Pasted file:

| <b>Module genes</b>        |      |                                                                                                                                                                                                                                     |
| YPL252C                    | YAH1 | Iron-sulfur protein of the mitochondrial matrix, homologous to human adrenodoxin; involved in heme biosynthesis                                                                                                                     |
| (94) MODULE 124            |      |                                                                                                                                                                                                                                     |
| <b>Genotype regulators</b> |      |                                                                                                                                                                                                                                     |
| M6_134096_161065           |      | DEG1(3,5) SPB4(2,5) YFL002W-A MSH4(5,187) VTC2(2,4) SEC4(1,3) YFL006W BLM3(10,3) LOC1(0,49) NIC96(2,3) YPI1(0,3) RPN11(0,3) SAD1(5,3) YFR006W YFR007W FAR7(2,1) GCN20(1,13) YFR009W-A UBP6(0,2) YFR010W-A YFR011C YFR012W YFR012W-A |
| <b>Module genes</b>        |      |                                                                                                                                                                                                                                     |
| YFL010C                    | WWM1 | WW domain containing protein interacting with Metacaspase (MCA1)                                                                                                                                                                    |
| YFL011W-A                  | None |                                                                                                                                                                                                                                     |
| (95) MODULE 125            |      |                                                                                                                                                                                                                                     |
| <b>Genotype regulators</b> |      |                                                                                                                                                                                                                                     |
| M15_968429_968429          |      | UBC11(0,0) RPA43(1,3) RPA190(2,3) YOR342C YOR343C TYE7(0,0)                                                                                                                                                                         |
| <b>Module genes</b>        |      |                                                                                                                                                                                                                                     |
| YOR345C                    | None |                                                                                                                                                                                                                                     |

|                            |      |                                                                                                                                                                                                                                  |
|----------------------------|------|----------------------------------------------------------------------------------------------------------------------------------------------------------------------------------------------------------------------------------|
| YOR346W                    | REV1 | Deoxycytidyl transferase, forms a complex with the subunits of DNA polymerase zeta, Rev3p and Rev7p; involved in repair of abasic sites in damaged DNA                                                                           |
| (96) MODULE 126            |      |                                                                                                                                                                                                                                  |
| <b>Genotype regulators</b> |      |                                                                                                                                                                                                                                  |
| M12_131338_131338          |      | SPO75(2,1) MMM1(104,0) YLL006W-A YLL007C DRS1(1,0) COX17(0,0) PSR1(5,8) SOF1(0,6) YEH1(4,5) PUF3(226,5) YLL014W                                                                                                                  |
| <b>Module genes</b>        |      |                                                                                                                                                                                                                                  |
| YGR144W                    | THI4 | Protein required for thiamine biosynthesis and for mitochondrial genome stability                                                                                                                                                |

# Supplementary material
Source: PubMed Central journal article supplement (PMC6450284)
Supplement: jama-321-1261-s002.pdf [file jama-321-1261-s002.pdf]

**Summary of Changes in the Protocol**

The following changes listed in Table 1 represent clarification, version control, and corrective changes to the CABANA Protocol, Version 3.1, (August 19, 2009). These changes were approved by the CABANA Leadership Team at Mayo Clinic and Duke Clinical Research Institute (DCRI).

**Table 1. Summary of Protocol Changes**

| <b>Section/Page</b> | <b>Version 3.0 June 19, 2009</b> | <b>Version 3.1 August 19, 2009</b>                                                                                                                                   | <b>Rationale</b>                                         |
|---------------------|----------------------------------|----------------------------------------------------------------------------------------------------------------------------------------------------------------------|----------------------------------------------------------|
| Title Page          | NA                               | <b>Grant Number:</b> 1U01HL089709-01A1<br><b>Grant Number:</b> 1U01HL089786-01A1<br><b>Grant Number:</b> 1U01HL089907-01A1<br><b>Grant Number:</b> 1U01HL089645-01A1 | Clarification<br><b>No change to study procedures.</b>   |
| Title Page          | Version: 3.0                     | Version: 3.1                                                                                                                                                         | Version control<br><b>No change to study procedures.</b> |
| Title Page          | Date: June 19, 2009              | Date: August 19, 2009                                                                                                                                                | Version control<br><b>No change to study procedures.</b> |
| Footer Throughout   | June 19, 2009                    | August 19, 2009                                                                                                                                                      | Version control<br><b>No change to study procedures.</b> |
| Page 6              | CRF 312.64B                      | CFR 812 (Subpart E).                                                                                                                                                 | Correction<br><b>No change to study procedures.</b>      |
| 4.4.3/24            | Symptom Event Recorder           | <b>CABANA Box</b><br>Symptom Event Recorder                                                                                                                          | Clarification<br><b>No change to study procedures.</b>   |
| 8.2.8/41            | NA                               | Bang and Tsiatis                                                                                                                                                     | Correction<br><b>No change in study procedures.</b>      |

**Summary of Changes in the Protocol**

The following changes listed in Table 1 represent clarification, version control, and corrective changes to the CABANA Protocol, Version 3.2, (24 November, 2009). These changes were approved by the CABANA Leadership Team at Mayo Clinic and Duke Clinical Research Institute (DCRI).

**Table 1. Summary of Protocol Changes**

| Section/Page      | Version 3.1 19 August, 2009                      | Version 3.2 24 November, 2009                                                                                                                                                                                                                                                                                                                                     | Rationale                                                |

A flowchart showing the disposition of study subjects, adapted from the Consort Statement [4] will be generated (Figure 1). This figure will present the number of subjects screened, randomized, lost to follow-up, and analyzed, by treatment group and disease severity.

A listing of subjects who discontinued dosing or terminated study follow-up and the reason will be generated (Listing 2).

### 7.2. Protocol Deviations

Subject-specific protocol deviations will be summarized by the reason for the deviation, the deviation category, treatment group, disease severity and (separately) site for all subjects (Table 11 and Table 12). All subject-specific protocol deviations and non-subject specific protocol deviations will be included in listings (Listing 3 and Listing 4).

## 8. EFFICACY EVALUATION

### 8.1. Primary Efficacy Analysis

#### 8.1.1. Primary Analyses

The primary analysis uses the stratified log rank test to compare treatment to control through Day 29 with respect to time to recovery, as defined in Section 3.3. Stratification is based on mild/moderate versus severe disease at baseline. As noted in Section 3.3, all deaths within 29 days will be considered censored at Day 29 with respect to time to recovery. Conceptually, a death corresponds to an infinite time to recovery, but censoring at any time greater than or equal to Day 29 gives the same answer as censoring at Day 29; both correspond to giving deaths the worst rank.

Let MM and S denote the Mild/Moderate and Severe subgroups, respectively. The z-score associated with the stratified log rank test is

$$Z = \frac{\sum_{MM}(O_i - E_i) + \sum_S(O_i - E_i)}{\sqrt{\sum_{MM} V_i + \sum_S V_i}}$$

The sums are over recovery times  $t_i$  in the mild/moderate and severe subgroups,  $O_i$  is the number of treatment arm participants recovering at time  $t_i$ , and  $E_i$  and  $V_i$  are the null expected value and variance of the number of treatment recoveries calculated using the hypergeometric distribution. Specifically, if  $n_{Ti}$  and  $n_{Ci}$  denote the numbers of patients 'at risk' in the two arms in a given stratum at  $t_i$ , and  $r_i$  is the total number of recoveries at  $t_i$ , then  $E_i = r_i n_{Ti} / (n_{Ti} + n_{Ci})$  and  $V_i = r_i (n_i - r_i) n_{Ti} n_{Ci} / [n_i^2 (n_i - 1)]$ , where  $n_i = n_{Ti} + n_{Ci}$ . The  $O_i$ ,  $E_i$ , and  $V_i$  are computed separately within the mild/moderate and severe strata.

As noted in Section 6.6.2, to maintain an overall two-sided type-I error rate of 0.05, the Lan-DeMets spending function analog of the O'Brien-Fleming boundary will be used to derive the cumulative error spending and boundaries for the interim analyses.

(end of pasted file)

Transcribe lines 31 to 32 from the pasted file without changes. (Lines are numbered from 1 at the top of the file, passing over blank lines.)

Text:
| Title Page          | Version: 3.0                     | Version: 3.1                                                                                                                                                         | Version control<br><b>No change to study procedures.</b> |
| Title Page          | Date: June 19, 2009              | Date: August 19, 2009                                                                                                                                                | Version control<br><b>No change to study procedures.</b> |